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Specialized in building civilian and non-defense satellites for everything :: 22 February, 2007
At the south end of Palo Alto, barely visible from Highway 101, sits one of Silicon Valley's oldest, but least-known, manufacturing companies -- Space Systems Loral.
For 50 years, under a succession of corporate owners, Loral's engineers and technicians have specialized in building civilian and non-defense satellites for everything from beaming television to collecting data for weather maps.
Experts say aerospace companies like Loral are bouncing back from post-Cold War defense cutbacks and the dot-com crash that crimped demand for these orbiting electronic platforms. Suddenly, orders are booming for civilian satellites that can cost $100 million to $300 million to build, driven largely by what seems to be the insatiable appetite of earthlings for television signals.
For Space Systems Loral, where employment peaked at 3,300 in the mid-1990s only to plunge to roughly half that before the recent rebound, the upturn comes at a time when the industry, including nearby competitor Lockheed Martin Corp., faces an ironic challenge: The aerospace workforce is aging and replacements are hard to come by.
"The biggest problem facing aerospace is summed up in the number 27," said Jeremiah Gertler, assistant vice president with the Aerospace Industries Association. "That's the percentage of the aerospace technical workforce, engineers and technicians, who become eligible for retirement within the next year and a half."
This brain drain is a headache for Loral, which hired about 400 people in 2006 to bring its workforce to 2,100. It plans to add 300 jobs in Palo Alto this year.
Asked why -- when manufacturing jobs are fleeing the valley -- Loral can still build satellites here, Senior Vice President Arnold Friedman held up his hands toward the Palo Alto campus.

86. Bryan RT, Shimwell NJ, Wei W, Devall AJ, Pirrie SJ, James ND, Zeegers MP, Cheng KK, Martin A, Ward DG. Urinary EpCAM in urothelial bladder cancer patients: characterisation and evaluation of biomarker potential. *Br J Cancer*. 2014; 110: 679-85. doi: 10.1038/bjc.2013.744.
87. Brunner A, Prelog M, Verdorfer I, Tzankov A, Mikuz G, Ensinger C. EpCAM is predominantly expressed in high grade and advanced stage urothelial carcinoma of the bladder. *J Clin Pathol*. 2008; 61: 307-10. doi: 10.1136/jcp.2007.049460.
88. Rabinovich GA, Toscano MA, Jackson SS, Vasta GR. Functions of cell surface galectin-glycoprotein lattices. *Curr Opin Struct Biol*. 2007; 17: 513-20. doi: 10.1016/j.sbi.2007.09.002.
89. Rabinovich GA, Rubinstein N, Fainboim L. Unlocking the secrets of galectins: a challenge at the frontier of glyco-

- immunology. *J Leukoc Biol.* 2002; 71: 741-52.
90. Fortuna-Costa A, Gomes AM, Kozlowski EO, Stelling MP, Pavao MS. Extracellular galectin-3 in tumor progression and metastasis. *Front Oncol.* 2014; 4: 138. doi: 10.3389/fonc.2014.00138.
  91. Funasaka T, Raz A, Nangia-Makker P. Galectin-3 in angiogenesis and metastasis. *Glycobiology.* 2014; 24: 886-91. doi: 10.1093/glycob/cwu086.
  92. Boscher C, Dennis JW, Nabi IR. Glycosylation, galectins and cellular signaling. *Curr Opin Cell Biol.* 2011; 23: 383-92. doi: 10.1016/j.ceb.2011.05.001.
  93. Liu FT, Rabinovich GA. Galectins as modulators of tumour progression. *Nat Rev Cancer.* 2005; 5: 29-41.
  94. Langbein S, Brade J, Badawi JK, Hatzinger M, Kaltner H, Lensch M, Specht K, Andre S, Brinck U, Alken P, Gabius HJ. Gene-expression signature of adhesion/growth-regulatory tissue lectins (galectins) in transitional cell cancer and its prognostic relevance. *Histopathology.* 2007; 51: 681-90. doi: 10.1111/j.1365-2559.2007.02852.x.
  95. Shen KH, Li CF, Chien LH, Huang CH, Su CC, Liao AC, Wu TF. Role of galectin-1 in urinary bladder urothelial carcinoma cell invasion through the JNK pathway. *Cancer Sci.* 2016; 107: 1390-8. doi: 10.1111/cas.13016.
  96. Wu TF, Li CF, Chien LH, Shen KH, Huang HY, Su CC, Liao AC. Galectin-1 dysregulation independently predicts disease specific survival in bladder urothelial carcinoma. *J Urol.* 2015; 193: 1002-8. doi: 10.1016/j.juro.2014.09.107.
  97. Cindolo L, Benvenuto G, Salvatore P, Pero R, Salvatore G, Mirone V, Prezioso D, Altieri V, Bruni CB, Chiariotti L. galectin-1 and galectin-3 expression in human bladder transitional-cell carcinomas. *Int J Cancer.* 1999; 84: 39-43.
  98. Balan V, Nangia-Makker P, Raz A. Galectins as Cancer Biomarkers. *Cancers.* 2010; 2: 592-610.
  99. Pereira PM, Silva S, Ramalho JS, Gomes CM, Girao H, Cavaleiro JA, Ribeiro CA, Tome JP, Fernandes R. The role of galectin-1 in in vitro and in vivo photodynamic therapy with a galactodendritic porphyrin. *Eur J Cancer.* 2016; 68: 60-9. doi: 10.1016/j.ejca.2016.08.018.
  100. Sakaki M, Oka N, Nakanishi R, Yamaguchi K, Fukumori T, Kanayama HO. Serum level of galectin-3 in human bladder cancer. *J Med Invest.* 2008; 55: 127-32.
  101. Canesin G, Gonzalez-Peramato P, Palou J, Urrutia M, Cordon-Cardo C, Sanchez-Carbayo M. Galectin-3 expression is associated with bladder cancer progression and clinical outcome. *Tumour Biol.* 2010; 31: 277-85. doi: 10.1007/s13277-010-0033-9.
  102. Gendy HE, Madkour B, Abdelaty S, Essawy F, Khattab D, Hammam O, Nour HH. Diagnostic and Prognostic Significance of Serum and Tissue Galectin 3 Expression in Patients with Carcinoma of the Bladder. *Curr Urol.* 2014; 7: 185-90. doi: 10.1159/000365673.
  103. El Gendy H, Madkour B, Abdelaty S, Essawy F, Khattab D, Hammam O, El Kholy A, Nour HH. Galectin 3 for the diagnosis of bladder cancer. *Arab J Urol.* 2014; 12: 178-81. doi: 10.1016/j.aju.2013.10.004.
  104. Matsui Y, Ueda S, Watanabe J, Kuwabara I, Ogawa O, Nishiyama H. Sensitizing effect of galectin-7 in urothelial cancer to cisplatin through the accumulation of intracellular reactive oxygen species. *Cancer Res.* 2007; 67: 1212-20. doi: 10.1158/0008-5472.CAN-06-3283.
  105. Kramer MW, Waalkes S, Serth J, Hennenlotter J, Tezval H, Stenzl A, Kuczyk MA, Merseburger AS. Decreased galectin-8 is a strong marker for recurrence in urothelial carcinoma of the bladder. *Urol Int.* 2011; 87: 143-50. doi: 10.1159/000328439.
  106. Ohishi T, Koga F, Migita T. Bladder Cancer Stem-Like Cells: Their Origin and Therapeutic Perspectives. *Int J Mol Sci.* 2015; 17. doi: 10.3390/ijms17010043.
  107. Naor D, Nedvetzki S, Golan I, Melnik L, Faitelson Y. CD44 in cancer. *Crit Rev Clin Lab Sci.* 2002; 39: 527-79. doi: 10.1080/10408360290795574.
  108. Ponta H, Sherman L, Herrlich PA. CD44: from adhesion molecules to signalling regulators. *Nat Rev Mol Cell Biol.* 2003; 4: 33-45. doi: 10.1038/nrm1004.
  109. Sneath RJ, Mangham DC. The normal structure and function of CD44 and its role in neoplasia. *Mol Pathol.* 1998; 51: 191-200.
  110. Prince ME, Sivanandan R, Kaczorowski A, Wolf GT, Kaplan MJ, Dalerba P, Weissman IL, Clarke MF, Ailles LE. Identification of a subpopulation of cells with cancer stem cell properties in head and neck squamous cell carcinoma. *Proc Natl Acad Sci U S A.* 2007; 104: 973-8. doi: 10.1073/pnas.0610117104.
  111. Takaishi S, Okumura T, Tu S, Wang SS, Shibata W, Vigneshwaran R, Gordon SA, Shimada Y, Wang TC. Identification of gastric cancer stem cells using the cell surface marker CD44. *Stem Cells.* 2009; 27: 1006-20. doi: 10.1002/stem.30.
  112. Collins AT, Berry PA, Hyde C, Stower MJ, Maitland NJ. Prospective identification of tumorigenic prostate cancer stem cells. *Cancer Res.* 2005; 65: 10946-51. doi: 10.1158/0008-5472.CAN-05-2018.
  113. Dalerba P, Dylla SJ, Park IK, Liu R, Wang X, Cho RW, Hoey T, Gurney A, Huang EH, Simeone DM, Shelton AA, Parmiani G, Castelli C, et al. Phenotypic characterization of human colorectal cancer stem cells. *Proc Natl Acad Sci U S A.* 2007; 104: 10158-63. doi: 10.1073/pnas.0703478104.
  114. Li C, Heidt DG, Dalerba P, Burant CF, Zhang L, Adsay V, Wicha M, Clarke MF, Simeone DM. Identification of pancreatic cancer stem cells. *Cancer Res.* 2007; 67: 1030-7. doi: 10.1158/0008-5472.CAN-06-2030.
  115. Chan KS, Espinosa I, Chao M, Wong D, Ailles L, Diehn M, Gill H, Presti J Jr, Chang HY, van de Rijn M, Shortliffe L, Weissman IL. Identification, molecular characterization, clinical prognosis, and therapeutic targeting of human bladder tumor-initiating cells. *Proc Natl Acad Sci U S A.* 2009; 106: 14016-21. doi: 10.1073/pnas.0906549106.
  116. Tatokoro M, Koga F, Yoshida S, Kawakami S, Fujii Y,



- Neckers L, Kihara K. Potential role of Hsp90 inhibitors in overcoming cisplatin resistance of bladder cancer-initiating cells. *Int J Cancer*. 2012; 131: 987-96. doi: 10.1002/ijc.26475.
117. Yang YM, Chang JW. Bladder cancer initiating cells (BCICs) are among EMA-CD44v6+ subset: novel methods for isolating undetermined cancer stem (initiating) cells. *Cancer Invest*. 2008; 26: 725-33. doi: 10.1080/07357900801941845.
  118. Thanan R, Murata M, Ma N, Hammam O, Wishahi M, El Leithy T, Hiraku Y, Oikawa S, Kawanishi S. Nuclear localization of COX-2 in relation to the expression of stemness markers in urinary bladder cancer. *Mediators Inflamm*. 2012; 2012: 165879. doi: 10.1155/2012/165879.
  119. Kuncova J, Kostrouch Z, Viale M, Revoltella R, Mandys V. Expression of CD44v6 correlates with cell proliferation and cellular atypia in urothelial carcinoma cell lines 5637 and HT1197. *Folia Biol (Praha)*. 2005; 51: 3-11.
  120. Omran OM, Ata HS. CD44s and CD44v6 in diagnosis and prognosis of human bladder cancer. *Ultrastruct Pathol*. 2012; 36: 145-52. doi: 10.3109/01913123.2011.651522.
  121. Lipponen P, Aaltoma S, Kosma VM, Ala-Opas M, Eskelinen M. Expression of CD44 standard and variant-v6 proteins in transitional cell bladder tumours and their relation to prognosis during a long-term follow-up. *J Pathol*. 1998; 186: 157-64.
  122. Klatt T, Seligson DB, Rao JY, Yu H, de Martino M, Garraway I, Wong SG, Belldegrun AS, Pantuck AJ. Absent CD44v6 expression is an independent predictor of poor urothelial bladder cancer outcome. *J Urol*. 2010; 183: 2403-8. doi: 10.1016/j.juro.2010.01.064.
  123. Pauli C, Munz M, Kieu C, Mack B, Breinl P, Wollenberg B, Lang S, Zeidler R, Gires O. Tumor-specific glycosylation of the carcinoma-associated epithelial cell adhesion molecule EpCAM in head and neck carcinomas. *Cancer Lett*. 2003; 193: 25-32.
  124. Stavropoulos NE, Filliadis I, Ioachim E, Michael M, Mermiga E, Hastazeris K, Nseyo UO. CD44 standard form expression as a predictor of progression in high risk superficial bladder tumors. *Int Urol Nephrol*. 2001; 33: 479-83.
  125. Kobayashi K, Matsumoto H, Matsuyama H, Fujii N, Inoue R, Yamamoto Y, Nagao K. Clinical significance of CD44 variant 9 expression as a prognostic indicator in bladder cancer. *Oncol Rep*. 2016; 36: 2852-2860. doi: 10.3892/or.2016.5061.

"It's the people," Friedman said, ticking off the talents needed to make a satellite, including materials and structural sciences, physics, electrical engineering and communications. "We have assembled a skilled workforce that only exists in a few places in the world."
Like most every field of technology, the satellite business finds itself competing for a limited supply of engineering talent.
Marco Caceres, a senior space analyst for the Teal Group in Fairfax, Va., said that in addition to Loral and Lockheed Martin, the other big U.S. satellite-makers are Boeing and Orbital Sciences. Two European firms, Alcatel Alenia and EADS Astrium, round out the top tier of manufacturers worldwide.
"Loral has always been up there in the top two or three," he said.
Figures from the Satellite Industry Association show that satellite manufacturing has had a bumpy ride, with worldwide sales ranging from $11.5 billion in 2000 to $7.8 billion in 2005, the most recent year for which data are available.
David Cavossa, executive director of the Satellite Industry Association, said television broadcasts have long been beamed up to satellites and then bounced back down around the world.
The migration to high-definition television is expected to increase this demand. Cavossa said HDTV signals can require up to six times as much satellite capacity as ordinary TV broadcasts. Broadcasters are working on ways to compress HDTV signals and squeeze more out of their existing satellites, so Cavossa isn't expecting a sixfold increase in orders. Still, he does predict "a substantial increase in demand."
At the same time, television providers like DirecTV and Dish Network and space-based radio broadcasters such as Sirius and XM are also putting satellites into orbit.
As a reporter toured Loral's factory, an XM-5 satellite moved through the production line.
Forget the rush-rush, clang-clang notions of the assembly line. At Loral, technicians in white coats and hats -- to keep dust and hair from fouling the electronics -- install components and then double-, triple- and quadruple-check their work. The pace is slow. Attention to detail is a must. It can take two to three years to build a satellite, and caution on the ground is time well spent, said Dan Collins, 67, who retired from Loral in 2002.
"There's a lot of discipline involved in building satellites," Collins said. "We test and test and test things before we ever launch them, because once we launch, it's beyond retrieving and rectifying."
Standing on the factory floor, wrapped in plastic and awaiting delivery, satellites do not look particularly impressive. They're designed to fit inside the nose cones of the rockets that will carry them most of the way into orbit, and cargo is limited to a package about 12 feet in diameter and 25 feet tall.